Was the first superspreader COVID-19 event at a military athletic tournament that took place two months before the first reported cases of the virus? And was it part of a Chinese bioweapons experiment?
That’s the allegation being made by Wei Jingsheng, a former Chinese Communist Party insider who defected to the United States in the 1990s. Jinhsheng said he heard about Beijing carrying out an “unusual exercise” during the October 2019 7th CISM Military World Games in Wuhan.
“I thought the Chinese government would take this opportunity to spread the virus during the Military Games, as many foreigners would show up there,” Wei told a documentarian from Sky News, according to the U.K.’s Daily Mail.
“[I knew] of the possibility of the Chinese government using some strange weapons, including biological weapons, because I knew they were doing experiments of that sort.”
The allegation, made during the documentary “What Really Happened In Wuhan,” would seem wild if they didn’t come from one of China’s most well-known dissidents, a man who has many connections in the country which jailed him for much of his adult life for what they deemed “counter-revolutionary activities.”
The claim was also backed up by Miles Yu, former principal China adviser to the U.S. State Department. Yu told Sky News that American, French and German athletes got sick at the games with COVID-like symptoms, but were never tested.
And then there was State Department COVID-19 investigator David Asher, who said the virus could have been circulating in the United States well before it was originally thought to be.
“We see some indications in our own data … that there was COVID circulating in the United States as early as early December, possibly earlier than that,” Asher said.
Wei also said he approached the Trump administration with this information in November of 2019, but was rebuffed.
Do you believe Wei Jingsheng?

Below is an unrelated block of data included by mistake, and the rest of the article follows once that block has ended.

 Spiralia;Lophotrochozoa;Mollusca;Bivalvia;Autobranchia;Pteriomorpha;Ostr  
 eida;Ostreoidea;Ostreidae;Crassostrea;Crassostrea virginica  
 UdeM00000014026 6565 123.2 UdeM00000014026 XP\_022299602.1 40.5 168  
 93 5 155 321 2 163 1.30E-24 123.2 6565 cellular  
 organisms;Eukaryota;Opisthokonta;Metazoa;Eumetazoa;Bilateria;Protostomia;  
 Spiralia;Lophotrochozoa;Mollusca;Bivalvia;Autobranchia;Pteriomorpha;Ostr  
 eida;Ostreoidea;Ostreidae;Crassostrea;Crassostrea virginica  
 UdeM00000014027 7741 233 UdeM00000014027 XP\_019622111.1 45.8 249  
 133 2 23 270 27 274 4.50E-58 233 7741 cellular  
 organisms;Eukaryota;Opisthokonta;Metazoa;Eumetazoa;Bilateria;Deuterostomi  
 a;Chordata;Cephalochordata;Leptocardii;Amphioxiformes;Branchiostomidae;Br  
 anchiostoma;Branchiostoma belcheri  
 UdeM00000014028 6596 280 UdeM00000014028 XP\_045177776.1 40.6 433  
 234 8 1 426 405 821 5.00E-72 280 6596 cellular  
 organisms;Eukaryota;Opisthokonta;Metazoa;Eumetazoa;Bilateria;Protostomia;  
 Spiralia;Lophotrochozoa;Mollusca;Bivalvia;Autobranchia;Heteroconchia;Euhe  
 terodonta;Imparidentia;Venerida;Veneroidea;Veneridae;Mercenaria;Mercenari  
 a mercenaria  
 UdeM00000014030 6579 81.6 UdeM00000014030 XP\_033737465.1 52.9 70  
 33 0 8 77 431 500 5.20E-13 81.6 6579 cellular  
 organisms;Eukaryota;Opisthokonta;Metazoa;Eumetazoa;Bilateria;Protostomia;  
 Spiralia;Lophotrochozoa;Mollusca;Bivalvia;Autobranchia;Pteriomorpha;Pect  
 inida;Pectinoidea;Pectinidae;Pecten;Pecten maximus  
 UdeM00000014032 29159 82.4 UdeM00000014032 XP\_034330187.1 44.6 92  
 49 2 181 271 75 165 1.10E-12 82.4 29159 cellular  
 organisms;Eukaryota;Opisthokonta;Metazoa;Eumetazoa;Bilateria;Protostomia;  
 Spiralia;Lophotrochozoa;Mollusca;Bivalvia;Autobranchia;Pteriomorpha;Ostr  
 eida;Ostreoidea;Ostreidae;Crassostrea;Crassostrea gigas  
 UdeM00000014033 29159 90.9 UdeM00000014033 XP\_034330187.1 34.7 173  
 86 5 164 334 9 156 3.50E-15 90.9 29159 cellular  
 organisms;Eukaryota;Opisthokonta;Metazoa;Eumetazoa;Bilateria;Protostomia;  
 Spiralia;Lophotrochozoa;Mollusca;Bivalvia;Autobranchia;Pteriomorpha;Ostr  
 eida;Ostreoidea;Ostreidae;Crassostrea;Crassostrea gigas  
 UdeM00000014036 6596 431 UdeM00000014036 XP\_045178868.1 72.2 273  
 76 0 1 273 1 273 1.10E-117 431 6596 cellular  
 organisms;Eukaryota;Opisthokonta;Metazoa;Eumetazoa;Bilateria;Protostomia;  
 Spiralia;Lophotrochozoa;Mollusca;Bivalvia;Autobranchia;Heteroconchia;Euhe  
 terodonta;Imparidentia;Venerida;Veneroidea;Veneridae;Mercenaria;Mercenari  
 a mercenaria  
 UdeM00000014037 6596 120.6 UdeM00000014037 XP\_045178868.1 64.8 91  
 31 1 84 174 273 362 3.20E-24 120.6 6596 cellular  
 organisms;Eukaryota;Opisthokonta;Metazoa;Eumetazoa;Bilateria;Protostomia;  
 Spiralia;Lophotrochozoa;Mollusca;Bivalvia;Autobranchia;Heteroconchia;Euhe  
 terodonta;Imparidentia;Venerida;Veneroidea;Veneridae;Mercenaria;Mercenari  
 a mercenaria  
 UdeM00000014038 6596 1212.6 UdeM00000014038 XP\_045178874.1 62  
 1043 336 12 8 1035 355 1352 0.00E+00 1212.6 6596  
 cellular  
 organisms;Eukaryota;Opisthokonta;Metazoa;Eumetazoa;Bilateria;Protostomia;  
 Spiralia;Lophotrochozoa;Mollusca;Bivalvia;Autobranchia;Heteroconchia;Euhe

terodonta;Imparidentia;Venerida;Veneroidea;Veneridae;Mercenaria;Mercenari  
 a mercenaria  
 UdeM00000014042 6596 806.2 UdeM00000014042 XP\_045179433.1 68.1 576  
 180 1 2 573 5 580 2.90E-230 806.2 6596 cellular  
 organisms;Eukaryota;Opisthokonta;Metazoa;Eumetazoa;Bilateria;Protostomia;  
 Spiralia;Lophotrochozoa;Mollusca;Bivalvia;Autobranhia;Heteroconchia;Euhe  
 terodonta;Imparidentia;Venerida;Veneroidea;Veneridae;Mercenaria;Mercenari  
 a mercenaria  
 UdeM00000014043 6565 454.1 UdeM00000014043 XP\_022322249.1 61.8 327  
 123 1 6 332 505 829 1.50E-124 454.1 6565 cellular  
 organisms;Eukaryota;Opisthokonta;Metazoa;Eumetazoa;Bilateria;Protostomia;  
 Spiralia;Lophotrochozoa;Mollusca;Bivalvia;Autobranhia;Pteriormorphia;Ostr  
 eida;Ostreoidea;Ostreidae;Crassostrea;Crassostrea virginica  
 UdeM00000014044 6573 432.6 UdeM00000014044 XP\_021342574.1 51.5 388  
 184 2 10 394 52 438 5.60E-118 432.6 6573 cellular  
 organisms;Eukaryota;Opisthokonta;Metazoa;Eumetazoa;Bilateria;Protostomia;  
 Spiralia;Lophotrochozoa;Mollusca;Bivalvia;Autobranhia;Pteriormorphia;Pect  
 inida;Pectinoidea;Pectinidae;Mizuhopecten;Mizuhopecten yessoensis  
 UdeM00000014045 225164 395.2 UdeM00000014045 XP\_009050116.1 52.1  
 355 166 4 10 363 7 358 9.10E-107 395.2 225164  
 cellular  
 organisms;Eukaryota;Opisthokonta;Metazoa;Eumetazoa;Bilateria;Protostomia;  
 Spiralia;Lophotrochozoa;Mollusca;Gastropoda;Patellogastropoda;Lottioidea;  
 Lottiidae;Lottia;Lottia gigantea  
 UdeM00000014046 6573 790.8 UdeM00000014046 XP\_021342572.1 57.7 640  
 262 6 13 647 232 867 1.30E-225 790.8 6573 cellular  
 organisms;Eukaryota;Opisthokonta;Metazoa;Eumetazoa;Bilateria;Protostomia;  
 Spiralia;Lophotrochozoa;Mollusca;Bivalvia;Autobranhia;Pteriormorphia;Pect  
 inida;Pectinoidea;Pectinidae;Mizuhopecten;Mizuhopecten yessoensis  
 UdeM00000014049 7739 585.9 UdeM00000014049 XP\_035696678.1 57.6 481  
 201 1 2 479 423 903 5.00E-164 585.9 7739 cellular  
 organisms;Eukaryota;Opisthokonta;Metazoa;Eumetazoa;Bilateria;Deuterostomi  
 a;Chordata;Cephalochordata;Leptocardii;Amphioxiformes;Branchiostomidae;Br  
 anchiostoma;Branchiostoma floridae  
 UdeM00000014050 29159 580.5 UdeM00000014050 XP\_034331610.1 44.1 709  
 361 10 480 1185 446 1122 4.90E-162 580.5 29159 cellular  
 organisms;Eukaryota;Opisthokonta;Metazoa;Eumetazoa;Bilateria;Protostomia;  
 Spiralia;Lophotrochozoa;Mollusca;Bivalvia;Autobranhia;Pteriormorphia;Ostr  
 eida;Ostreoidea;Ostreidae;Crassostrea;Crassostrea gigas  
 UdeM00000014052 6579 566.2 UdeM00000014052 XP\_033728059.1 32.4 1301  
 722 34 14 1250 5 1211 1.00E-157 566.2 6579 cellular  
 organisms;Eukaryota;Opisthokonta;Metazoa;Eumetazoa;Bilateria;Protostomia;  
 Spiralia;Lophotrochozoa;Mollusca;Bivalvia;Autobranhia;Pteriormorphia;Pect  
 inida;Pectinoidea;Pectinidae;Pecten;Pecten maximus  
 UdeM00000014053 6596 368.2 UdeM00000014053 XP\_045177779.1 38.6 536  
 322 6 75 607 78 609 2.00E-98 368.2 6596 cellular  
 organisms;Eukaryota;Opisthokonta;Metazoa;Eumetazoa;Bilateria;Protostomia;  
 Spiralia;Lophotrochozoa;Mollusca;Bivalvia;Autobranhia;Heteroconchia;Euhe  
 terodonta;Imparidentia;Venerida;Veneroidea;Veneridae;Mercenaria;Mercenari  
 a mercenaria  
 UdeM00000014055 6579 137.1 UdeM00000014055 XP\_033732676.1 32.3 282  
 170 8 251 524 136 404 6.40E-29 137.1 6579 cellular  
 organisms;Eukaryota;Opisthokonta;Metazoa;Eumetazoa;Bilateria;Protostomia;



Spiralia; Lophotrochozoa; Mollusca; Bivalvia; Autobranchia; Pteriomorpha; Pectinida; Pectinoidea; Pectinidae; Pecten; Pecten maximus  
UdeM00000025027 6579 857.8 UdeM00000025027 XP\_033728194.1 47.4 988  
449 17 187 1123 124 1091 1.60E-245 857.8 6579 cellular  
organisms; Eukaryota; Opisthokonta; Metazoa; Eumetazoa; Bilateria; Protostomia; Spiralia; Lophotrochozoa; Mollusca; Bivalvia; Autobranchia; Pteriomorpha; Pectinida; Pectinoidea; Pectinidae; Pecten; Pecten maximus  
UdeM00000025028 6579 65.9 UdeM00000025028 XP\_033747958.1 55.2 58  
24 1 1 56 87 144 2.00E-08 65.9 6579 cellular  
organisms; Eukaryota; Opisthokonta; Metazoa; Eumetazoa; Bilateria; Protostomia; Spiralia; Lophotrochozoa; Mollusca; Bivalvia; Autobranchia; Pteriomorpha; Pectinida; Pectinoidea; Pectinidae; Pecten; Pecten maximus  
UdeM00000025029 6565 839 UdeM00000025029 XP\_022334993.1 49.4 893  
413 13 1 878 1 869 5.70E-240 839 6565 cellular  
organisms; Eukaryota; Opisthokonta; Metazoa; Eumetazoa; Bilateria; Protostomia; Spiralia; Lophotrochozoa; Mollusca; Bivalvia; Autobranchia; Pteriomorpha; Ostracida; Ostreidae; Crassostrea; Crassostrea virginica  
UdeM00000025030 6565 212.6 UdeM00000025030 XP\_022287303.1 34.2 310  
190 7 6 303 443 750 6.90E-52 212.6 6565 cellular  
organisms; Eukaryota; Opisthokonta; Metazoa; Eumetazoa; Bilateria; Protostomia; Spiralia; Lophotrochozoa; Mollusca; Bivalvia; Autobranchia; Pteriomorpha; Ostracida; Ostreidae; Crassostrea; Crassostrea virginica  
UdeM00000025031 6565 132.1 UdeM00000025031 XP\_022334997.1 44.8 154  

“The long-time democracy campaigner, who has served time in prison for ‘counter-revolutionary activities’, said he made the approach as whispers of a ‘new SARS virus’ began circulating on WeChat and other Chinese social media platforms,” the Daily Mail reported.
“I felt they were not as concerned as I was, so I tried my best to provide more detail and information,” Wei said.
“They may not believe that a government of a country would do something like [cover up a virus], so I kept repeating myself in an effort … to persuade them.”
According to News.com.au, Wei wouldn’t name the Trump administration official he talked to, but said they were high-ranking.
“I’m not sure if this politician wants me to talk about him right here,” he said.
“But I want to say he is a high enough politician, high enough to be able to reach the President of the United States.”
The October date would be well before investigators believe the disease started spreading in December of 2019. It wasn’t until Dec. 31, 2019, that China acknowledged a cluster of cases in Wuhan. Furthermore, the nation denied it was contagious until late January.
Are any of Wei’s allegations true? Sure, they may seem out there — but the problem is that China has invited scrutiny of this sort through its handling of COVID-19.
Beijing punished early whistleblowers who warned about the disease, lied to the world about the gravity of the situation until it was too late and continues to thwart any real investigation into the origins of SARS-CoV-2.
Thanks to that, it’s likely we’ll never get a straight answer regarding when the disease originated from China itself. Thus, when one of its exiled dissidents makes this kind of accusation regarding a disease that’s killed millions of people, we don’t have to reflexively believe it. But we do have to listen.